By Dylan Deprey
The words: amputated, sexual assault, child abuse and inhumane do not commonly occur in regular conversation. Usually, these words arise during police dramas, horror films and documentaries.
Lately, these words have made the headlines in local media sites concerning Lincoln Hills and Copper Lake juvenile detention centers in Irma, WI.
What about the phrase, “epic fail?”
That is how District Attorney John Chisholm described the state of the juvenile detention centers at the 30th anniversary of the Community Brainstorming Conference on Saturday, February 27.
Chisholm spoke to the packed basement of the St. Matthew C.M.E. Church on Milwaukee’s north side.
Moderator Mildred Harpole announced February’s panel and gave her own statement on the recent information on the state of the juvenile detention centers.
“It is the responsibility of this community to educate our children, and protect our children, and especially when it is necessary to exercise humane tough love,” Harpole said.
More words were thrown around during the panelists discourse, including: mental health, cultural disconnect, trauma and yet again failure. All of these words are pieces of the unfinished puzzle that is the condition of Lincoln Hills and Copper Lake juvenile detention centers.
The state of the detention centers does not center around one specific issue. Panelists addressed a multitude of problems and past decisions that have led to the demise of these juvenile detention centers.
County Executive Chris Abele gave the perspective of the county and its investigation as well as the FBI’s investigation on Lincoln Hills.
“The highest priority is the safety and wellness of these kids,” Abele said.
According to Abele, the county has similar youth programs that only have a return rate of 10 percent, compared to the 65 percent at Lincoln Hills.
District Attorney John Chisholm gave a history lesson to the gathering of concerned community members.
He attributes decisions from the 70’s and 80’s to move the juvenile offenders to Dodge County.
He noted that during that time, there were arguments to build facilities in the communities to help maintain relationships with the community and family.
This would offer a less stressful integration back into the community.
“Anybody who thinks this can be done overnight, we would be fooling ourselves,” Chisholm said.
Jermaine Reed, executive director of Fresh Start Family Services, noted that the incarceration of black youth begins long before the handcuffs are put on.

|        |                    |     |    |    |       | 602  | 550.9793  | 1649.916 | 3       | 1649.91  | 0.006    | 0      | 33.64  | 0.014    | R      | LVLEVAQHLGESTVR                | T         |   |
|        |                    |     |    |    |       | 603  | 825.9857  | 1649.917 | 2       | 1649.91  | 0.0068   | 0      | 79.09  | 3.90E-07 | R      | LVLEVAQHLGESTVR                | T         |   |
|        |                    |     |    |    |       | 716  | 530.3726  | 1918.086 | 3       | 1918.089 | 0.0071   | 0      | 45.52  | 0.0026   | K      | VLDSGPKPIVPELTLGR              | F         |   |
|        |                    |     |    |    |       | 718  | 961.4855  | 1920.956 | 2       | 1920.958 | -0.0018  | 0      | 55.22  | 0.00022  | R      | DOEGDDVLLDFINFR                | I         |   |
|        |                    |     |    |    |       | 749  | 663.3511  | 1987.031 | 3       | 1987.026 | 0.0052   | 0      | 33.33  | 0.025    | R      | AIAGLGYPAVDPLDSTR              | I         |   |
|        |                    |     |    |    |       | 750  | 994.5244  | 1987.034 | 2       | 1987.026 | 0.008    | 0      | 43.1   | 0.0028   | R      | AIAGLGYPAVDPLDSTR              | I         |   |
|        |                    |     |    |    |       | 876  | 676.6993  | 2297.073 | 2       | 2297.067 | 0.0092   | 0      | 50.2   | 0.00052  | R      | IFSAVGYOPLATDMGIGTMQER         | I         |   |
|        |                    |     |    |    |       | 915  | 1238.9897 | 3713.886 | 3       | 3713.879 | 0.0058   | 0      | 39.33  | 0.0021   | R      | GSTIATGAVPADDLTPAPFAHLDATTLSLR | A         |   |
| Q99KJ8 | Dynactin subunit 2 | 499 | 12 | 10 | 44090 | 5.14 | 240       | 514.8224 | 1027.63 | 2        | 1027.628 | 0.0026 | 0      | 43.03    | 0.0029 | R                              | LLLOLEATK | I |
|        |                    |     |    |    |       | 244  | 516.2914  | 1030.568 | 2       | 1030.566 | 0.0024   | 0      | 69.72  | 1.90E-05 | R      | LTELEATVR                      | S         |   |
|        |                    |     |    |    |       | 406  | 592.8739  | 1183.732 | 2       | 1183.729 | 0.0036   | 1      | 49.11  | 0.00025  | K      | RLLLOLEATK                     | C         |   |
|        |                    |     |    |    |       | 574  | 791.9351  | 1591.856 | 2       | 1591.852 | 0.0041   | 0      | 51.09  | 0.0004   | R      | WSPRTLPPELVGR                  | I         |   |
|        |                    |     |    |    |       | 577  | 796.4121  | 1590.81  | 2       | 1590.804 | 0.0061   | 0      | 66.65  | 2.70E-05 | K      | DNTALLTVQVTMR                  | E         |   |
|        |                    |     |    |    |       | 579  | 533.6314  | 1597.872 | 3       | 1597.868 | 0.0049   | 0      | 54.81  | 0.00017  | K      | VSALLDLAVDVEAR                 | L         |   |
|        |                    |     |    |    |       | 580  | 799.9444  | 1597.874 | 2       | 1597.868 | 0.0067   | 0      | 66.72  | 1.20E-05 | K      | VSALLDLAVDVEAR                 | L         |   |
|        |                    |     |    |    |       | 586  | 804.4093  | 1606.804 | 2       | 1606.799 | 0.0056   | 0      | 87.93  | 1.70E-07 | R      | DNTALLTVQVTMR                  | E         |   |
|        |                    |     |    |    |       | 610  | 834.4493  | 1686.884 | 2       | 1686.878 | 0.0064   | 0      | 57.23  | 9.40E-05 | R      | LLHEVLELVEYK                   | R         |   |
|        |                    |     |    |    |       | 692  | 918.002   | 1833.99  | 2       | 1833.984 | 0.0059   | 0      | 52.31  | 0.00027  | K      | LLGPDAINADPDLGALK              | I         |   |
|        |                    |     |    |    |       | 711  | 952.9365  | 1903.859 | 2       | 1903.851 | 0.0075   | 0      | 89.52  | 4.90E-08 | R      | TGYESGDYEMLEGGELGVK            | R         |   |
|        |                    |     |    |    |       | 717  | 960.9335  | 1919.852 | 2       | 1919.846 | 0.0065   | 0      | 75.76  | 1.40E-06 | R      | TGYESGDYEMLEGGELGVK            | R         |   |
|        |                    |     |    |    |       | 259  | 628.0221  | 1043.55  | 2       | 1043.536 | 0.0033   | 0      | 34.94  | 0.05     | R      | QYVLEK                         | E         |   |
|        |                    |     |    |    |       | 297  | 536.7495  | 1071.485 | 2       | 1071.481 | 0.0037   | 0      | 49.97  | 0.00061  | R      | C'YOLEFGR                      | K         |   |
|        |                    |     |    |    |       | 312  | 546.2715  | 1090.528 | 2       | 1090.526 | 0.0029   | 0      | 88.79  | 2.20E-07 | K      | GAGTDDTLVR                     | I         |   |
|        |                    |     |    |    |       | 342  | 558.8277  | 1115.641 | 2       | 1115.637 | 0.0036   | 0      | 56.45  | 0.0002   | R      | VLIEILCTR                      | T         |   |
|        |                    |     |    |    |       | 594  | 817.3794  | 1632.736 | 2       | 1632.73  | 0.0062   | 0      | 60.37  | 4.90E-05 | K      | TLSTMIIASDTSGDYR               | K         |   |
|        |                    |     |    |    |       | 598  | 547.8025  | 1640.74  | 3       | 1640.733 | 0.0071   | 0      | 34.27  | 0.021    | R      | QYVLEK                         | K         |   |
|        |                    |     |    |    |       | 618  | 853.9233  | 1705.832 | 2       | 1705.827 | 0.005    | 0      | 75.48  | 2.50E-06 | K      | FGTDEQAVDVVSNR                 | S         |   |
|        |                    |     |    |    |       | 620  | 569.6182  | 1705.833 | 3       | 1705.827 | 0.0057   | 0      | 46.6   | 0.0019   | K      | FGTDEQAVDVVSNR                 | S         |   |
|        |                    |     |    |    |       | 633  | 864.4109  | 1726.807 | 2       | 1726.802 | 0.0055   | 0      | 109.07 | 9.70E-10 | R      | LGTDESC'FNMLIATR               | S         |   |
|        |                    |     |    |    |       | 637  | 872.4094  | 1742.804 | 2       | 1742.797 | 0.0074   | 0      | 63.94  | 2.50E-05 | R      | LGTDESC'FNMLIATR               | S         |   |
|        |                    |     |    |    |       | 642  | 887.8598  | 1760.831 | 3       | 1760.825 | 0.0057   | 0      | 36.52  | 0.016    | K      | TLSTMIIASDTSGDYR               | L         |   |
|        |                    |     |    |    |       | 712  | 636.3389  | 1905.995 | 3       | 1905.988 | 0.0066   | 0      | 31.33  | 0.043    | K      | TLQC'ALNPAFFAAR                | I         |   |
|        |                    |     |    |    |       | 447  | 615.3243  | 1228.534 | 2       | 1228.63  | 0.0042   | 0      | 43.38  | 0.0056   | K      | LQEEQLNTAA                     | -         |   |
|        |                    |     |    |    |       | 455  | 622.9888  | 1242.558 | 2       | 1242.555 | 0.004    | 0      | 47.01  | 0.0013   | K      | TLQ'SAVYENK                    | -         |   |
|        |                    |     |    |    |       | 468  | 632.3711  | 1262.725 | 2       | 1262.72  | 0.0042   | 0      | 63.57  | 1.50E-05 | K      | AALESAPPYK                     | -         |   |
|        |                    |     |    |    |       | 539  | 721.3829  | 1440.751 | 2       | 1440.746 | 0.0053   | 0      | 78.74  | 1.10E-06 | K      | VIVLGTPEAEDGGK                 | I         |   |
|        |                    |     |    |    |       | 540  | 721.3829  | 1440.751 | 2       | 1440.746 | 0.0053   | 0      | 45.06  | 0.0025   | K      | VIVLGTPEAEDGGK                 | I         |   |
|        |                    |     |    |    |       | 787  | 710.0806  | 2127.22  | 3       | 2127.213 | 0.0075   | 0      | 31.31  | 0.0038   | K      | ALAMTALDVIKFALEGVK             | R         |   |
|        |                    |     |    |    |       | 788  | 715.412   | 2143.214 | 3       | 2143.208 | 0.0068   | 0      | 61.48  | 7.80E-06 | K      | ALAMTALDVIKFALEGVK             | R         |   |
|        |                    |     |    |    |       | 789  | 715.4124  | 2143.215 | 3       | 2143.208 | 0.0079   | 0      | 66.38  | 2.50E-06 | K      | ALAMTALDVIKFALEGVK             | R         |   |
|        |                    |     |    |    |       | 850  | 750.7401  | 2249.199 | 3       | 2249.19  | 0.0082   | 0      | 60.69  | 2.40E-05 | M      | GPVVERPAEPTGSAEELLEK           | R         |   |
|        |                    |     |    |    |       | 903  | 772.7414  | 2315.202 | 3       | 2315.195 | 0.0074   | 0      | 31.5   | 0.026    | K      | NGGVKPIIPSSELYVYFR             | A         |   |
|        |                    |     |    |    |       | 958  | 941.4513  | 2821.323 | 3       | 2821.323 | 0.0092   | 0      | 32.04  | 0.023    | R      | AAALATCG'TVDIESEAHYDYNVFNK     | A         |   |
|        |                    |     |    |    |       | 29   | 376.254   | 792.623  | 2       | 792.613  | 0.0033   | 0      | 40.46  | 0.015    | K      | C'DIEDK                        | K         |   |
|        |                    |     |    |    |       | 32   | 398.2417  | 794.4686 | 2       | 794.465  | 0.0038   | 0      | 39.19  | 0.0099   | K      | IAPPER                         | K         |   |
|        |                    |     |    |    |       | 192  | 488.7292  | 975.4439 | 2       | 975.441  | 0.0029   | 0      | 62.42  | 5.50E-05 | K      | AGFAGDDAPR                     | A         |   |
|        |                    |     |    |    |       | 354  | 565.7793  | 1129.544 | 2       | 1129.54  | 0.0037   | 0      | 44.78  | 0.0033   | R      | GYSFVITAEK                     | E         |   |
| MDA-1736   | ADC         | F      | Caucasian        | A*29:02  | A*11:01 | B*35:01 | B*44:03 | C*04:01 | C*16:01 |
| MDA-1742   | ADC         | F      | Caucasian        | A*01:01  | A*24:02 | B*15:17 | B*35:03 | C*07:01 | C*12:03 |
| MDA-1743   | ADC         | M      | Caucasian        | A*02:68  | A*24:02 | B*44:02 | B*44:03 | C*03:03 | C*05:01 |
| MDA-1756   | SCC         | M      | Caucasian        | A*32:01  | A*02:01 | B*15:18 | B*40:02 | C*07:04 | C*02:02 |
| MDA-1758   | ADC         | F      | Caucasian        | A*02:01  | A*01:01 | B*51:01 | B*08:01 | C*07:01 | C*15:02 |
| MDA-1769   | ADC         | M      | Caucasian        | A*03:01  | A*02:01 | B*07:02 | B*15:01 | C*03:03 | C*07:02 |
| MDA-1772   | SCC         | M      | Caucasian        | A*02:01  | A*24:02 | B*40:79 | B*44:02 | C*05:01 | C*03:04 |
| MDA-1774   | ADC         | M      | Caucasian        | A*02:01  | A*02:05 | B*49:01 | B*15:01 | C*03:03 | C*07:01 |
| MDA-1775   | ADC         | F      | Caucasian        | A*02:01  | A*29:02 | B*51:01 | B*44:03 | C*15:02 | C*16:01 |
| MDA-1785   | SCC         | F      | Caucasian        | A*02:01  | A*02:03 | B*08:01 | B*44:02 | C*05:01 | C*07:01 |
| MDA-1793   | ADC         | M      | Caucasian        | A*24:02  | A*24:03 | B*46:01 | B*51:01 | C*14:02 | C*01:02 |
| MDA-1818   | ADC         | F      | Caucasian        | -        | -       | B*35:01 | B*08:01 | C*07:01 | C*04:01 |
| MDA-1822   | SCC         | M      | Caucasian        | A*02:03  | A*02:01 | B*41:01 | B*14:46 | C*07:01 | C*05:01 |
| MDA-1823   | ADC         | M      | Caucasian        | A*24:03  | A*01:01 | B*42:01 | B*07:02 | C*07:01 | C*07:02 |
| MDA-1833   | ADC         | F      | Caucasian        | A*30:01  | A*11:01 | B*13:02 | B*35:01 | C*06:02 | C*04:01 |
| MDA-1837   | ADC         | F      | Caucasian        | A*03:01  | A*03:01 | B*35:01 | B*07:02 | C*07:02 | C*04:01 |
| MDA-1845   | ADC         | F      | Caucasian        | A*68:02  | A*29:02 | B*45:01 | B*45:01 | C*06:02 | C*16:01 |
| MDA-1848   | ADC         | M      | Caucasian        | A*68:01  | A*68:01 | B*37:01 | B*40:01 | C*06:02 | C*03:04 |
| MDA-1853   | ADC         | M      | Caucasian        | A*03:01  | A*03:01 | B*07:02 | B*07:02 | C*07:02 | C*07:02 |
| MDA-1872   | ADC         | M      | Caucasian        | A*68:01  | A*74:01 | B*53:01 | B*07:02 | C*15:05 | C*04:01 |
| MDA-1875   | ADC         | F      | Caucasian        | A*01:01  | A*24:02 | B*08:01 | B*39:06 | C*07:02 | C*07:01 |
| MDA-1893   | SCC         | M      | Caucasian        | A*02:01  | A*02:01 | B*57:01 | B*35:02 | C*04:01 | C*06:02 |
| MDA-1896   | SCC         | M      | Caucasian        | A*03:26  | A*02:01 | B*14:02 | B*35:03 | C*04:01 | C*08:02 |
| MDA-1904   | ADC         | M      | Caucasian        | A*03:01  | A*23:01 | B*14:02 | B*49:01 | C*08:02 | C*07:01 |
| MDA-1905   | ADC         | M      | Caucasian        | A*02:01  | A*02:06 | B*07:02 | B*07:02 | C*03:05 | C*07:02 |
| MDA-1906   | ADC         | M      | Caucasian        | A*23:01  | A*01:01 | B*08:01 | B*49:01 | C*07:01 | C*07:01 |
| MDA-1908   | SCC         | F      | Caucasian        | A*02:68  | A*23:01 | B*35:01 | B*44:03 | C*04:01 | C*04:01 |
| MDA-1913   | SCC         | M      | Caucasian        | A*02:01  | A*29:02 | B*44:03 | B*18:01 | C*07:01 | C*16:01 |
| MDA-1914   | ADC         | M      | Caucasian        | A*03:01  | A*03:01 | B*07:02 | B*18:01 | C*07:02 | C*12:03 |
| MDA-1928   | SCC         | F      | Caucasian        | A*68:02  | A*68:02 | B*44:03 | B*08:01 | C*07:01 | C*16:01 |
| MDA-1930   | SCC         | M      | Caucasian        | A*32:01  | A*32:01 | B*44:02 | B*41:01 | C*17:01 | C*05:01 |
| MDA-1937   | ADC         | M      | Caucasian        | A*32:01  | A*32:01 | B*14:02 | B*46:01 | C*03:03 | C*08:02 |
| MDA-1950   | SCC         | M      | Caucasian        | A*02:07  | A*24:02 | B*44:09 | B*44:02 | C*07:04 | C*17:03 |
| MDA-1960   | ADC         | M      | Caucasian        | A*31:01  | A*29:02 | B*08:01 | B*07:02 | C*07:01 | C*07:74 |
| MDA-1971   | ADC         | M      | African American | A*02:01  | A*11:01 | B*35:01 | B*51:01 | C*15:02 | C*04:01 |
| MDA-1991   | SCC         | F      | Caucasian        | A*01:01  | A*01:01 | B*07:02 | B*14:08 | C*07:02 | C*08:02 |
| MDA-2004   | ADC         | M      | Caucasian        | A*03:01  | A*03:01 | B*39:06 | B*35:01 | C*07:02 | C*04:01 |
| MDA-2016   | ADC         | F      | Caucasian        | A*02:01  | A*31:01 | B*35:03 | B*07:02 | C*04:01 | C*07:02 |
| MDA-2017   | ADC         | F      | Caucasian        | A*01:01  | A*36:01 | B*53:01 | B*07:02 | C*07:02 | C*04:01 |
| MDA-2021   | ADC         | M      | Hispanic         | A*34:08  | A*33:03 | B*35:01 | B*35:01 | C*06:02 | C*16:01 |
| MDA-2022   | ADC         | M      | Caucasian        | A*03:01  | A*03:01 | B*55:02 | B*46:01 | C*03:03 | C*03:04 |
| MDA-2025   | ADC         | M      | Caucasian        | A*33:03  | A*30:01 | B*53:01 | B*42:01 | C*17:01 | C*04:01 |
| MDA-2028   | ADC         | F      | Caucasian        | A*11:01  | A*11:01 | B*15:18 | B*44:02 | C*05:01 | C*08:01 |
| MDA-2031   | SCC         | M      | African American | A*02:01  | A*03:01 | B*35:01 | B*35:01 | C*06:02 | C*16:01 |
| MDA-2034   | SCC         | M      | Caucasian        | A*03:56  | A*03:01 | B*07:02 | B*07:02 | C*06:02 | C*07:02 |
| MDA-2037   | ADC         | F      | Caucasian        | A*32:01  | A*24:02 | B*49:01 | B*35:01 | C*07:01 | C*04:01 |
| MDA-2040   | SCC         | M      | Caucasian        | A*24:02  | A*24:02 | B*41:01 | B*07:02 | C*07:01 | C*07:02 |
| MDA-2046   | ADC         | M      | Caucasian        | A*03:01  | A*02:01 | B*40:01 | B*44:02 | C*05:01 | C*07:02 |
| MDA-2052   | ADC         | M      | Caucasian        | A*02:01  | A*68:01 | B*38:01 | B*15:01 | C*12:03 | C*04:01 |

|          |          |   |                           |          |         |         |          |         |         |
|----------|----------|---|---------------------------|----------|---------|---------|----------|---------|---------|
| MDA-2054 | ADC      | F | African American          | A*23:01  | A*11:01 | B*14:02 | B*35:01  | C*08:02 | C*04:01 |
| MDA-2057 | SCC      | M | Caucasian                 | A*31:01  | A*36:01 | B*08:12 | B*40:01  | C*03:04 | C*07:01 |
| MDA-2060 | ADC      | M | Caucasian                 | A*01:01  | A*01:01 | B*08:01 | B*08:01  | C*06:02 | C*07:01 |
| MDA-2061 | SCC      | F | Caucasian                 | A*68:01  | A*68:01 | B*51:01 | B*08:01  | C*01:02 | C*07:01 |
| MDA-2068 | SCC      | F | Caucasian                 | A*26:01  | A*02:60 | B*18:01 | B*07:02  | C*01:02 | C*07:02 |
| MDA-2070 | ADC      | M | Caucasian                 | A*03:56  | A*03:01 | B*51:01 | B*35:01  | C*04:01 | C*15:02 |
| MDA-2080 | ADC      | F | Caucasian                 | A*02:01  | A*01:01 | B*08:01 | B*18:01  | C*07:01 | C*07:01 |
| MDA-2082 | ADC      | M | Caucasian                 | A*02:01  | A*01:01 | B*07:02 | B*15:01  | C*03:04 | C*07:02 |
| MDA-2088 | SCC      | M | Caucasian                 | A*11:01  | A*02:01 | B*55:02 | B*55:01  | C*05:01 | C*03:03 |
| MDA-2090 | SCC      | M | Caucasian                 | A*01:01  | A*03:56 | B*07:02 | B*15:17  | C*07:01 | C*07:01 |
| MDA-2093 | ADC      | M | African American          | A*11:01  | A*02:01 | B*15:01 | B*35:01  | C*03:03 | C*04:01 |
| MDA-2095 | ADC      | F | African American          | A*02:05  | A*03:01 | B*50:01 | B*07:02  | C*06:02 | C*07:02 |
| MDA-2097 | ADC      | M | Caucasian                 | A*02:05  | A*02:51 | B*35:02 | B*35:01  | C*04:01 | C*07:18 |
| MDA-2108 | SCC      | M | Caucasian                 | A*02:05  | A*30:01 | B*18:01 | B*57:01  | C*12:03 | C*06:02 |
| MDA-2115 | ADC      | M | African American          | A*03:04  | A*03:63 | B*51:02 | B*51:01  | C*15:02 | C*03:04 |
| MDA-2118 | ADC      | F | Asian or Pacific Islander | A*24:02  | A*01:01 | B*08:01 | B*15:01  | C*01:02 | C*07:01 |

He said that foster care and special education lead to a cultural disconnect. He looked over the crowd and asked, “Is the system broken or designed?”
Reed advocated for a trauma informed system that recognizes the experiences black children endure.
“To reduce the number of black children in corrections we need to support families on the ground levels,” Reed said.
“To program the output, we need to program the system differently.” State Rep. Evan Goyke and State Rep. Mandela Barnes addressed the current state of Lincoln Hills.
“One big prison for kids doesn’t work,” Goyke said. “The good kid doesn’t rub off on the bad kid; it’s the other way around.”
He also added that this system has led to a 65 percent recidivism rate.
Goyke encouraged the state to study the Missouri Model.
This breaks down the system by the severity of offenses like regular state prisons.
Goyke also addressed that the respected ratio for staff to student should be eight-to-one.
The 28 percent staff vacancy at Lincoln Hills tips this ratio over which has led to the staff-on-student and student-on-student violence.
“They can’t possibly manage 20 people when they should be managing eight,” Goyke said.
During Barnes’ speech, he aimed at the state and in particular, the Walker administration.
The spike in the resignation and retirement in staff at the juvenile detention centers occurred 2010 and 2011, with the passing of Act 10.
This changed the limits on the collective bargaining rights for public employees.
“No matter where you work, if you work repeat 16 hour shifts, you are not going to have it all,” Barnes said.
Children’s Court Judge Mary Triggiano offered her experience with Lincoln Hills and the judiciary’s standpoint.
Triggiano stated that making the right decision children court is imperative for the child and families’ future.
“We are trying to figure out how not to send kids to a place that is not working,” Triggiano said.
She noted that fewer children have been sent to these juvenile detention centers by utilizing community projects like Wrap Around Milwaukee.
Although there has been a reduction in sending children, more can be done.
“We need more options to treat these kids,” Triggiano said.
“No one group can do this alone.”
With all the words that usually are unheard in terms of juvenile detention centers, she offered the crowd nine words.
“We can’t afford to get this next step wrong.”